Now the big picture is clear! Few years ago, when I was younger and at the end of my short and shining system engineer life, I stumbled upon the curious case of a custom application which suddenly stopped to work after an upgrade of the firewall. Deeper analysis showed that each session of the application used the same TCP port for source and destination (the port number was used to identify the customer sigh!). Moreover the server used to terminate the connection with a TCP RST/ACK and to immediately open a new connection with a SYN packet with the same source and destination port number of the previous session. Does it sound familiar to you after reading the post? Yes it does! At that time we spent many hours on insulting the dangerous mind of the programmer and his strange interpretation of the TCP-IP RFC (but the client port should not be allocated on the random Ephemeral Port Range from 1024 to 65535?). After many years I got it!: he was a precursor of the TCP Split Handshake attack.

You will be asking which was the firewall that since then proved not to be susceptible to TCP Split Handshake… I will never say it! Not even under torture. I only may say that in order to fix the problem we had to perform a very unlikely tuning on the timeout parameters of the firewall queues…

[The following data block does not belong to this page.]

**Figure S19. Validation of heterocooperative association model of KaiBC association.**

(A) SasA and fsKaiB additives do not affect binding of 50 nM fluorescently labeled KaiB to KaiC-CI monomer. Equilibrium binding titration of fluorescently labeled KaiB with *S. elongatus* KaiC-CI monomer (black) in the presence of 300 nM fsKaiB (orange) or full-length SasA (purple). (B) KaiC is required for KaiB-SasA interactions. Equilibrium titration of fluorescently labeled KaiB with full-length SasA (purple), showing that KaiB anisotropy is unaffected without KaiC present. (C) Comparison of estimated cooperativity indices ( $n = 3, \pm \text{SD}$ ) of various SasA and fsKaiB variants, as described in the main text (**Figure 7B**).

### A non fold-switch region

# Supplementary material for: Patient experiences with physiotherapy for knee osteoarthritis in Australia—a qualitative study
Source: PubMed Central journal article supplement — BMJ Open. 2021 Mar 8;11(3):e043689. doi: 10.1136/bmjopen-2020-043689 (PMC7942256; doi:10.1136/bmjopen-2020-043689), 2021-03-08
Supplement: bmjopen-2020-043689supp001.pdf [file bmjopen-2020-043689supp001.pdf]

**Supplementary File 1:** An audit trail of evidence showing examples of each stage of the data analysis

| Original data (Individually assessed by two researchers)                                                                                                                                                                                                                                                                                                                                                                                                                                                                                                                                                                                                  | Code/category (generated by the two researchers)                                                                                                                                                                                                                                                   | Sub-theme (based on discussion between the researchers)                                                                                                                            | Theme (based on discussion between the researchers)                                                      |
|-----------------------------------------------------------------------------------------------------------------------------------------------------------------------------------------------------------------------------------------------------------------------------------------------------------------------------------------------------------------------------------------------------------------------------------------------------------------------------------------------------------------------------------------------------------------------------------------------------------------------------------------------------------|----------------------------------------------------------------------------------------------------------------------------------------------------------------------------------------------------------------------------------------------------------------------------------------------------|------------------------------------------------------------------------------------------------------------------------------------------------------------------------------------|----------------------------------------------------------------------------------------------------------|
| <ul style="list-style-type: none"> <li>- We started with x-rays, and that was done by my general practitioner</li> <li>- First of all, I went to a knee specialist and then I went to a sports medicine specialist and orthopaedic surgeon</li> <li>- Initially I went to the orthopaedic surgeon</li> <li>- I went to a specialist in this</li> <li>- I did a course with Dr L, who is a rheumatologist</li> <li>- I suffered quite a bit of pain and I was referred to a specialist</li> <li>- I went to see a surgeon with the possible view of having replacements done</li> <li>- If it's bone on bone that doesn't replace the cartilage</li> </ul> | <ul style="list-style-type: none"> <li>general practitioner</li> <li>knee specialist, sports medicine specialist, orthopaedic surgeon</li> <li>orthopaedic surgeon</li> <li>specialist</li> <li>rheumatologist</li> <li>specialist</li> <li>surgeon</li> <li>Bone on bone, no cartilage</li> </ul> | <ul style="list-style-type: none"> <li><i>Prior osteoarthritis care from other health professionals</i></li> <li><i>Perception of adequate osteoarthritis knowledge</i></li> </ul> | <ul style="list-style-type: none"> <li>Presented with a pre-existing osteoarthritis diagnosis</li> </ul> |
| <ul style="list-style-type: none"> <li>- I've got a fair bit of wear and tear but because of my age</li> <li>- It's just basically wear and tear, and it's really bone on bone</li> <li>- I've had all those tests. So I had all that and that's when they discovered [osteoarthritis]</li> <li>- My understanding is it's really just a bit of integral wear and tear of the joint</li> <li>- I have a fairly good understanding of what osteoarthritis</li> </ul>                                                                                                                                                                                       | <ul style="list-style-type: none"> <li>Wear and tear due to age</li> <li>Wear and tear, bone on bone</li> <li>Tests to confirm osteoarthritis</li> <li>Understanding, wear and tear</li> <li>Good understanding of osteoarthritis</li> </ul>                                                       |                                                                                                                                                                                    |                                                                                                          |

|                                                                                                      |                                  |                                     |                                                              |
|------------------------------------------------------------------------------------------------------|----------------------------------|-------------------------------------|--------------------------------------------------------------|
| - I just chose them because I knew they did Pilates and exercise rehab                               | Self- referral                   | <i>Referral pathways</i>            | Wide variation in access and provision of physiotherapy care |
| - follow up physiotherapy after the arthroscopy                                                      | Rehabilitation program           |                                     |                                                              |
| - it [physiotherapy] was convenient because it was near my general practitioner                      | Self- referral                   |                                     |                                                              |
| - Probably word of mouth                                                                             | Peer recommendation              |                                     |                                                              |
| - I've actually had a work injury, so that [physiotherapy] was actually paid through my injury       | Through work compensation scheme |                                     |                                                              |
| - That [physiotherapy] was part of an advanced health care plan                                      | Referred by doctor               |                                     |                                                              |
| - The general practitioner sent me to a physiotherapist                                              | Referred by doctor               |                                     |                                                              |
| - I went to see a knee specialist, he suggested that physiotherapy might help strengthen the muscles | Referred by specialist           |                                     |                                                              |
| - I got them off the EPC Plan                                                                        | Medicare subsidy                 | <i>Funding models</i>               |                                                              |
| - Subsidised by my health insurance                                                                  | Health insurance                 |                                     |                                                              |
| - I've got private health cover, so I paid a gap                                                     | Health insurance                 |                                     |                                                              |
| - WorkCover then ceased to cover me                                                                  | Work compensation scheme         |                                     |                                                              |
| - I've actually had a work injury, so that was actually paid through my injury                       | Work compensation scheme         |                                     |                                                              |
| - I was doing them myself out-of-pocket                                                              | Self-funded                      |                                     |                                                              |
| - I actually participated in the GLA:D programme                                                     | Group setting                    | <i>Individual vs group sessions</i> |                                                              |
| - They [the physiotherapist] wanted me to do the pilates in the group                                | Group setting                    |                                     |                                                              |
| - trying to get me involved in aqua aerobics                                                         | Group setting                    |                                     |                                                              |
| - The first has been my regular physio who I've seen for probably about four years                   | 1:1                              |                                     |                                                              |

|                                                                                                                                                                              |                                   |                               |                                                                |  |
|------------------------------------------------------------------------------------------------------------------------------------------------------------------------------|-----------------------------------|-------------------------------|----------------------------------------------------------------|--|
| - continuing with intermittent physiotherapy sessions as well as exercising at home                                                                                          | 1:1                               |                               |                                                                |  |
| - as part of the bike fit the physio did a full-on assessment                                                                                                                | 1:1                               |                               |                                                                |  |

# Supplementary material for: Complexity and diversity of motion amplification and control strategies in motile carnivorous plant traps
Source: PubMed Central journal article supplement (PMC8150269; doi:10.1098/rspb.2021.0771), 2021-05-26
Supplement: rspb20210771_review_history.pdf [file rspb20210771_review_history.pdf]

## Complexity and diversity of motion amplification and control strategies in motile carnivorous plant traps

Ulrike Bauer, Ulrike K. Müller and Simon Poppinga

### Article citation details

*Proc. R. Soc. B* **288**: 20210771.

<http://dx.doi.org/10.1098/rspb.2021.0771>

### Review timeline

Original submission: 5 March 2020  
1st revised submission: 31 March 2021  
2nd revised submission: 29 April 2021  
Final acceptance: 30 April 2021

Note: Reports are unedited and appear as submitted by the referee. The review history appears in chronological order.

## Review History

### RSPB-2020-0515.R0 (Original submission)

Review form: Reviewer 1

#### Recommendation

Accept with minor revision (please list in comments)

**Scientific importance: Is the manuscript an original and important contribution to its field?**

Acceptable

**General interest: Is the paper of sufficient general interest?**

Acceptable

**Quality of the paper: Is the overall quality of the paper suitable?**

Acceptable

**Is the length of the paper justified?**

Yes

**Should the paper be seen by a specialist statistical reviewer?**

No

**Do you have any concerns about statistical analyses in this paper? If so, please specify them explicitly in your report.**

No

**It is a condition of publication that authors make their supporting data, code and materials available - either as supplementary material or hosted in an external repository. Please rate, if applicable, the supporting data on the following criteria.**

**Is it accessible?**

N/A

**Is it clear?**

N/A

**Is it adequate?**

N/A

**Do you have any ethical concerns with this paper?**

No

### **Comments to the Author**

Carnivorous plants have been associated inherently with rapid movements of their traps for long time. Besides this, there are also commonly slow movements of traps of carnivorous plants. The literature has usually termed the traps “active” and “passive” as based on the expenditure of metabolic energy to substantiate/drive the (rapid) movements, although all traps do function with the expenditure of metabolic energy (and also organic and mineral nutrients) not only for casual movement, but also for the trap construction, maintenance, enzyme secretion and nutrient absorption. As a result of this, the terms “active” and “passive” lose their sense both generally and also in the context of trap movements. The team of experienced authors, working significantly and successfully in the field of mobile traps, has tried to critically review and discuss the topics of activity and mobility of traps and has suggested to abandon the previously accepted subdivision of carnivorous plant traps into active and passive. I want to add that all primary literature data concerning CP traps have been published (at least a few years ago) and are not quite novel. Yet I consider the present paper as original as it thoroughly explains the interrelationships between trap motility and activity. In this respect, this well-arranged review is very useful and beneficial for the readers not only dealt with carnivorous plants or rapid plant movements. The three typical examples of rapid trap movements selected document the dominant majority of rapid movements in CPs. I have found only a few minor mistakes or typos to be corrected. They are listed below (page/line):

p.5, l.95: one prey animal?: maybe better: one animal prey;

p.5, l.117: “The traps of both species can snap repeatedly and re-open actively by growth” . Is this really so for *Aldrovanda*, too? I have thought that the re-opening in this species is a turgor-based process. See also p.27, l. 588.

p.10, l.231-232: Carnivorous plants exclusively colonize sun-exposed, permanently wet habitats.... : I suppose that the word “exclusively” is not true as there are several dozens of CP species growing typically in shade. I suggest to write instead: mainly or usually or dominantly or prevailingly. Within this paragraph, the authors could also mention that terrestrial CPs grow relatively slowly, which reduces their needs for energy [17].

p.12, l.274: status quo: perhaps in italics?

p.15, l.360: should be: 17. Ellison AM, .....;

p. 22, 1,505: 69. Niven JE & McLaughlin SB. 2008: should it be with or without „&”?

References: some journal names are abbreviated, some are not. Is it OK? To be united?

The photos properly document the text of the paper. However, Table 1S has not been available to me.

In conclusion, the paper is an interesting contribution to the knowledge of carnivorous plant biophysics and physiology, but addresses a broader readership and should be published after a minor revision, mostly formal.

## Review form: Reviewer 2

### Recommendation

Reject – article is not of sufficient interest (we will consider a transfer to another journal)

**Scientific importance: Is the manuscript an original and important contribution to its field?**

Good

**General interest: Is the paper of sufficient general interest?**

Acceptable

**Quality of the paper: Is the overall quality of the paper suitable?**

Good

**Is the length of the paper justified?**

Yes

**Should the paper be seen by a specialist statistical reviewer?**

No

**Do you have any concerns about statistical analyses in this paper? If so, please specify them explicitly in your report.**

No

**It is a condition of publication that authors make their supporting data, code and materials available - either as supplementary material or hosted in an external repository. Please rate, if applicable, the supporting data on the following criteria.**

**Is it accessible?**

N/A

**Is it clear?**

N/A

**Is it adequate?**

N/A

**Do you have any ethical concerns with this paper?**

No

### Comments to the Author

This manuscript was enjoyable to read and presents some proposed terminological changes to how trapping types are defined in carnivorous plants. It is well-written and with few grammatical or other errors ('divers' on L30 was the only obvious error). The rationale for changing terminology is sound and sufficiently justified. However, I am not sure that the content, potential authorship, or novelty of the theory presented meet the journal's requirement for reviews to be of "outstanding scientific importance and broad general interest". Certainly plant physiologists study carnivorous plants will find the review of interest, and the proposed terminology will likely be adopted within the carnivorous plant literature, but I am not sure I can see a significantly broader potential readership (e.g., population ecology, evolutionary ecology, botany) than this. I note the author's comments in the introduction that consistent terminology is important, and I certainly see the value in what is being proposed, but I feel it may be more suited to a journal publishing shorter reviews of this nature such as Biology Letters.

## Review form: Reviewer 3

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  1. needtoknow
    June 19, 2011 at 1:34 pm | #1

    Paolo,

    I posted this on the Cisco blog but maybe you have something to add as there has been no reply yet

    SNIP
    Russ,

    Can you please explain the following because my read of RFC 793 doesn’t indicate what was posted from the 2 engineers

    The protocol specifications for TCP (defined in RFC 793) define how
    to process TCP segments received in certain states. When an
    endpoint is in a SYN_SENT state and it receives a TCP RST/ACK
    segment the endpoint aborts and closes the connection.

    RFC 793 says

    If the
    receiving TCP is in a non-synchronized state (i.e., SYN-SENT,
    SYN-RECEIVED), it returns to LISTEN on receiving an acceptable reset. If the TCP is in one of the synchronized states (ESTABLISHED,
    FIN-WAIT-1, FIN-WAIT-2, CLOSE-WAIT, CLOSING, LAST-ACK, TIME-WAIT), it
    aborts the connection and informs its user.

    I am not sure if the term receiving here is referring to the server side or any socket (client or server) that is receiving a RST.

    Irregardless, if the ASA tears down the connection how is it possible for fakestack.rb to

    “it sends a TCP SYN segment which initiates a
    *new* connection establishment and completes a 3-way handshake that”

    Wouldn’t the ASA deny this by default as it it is a session initiated from a low security to a high security interface?
    Can you provide an example of how ACL’s would be used to mitigate this issue ? Or why they are required ?
    SNIP

  2. June 20, 2011 at 2:32 pm | #2

    Ciao SNIP,

    unfortunately, I have no other information, since no configuration was unleashed. Let us say that in principle I agree with you, by default the ASA should drop all connections from a lower security zone to an higher sceurity zone without an explicit allow rule. Since in the Cisco post is not specified the Security Level of the interfaces I presumed it was a traffic allowed by an existing rule which must be tuned to drop unsolicited connections.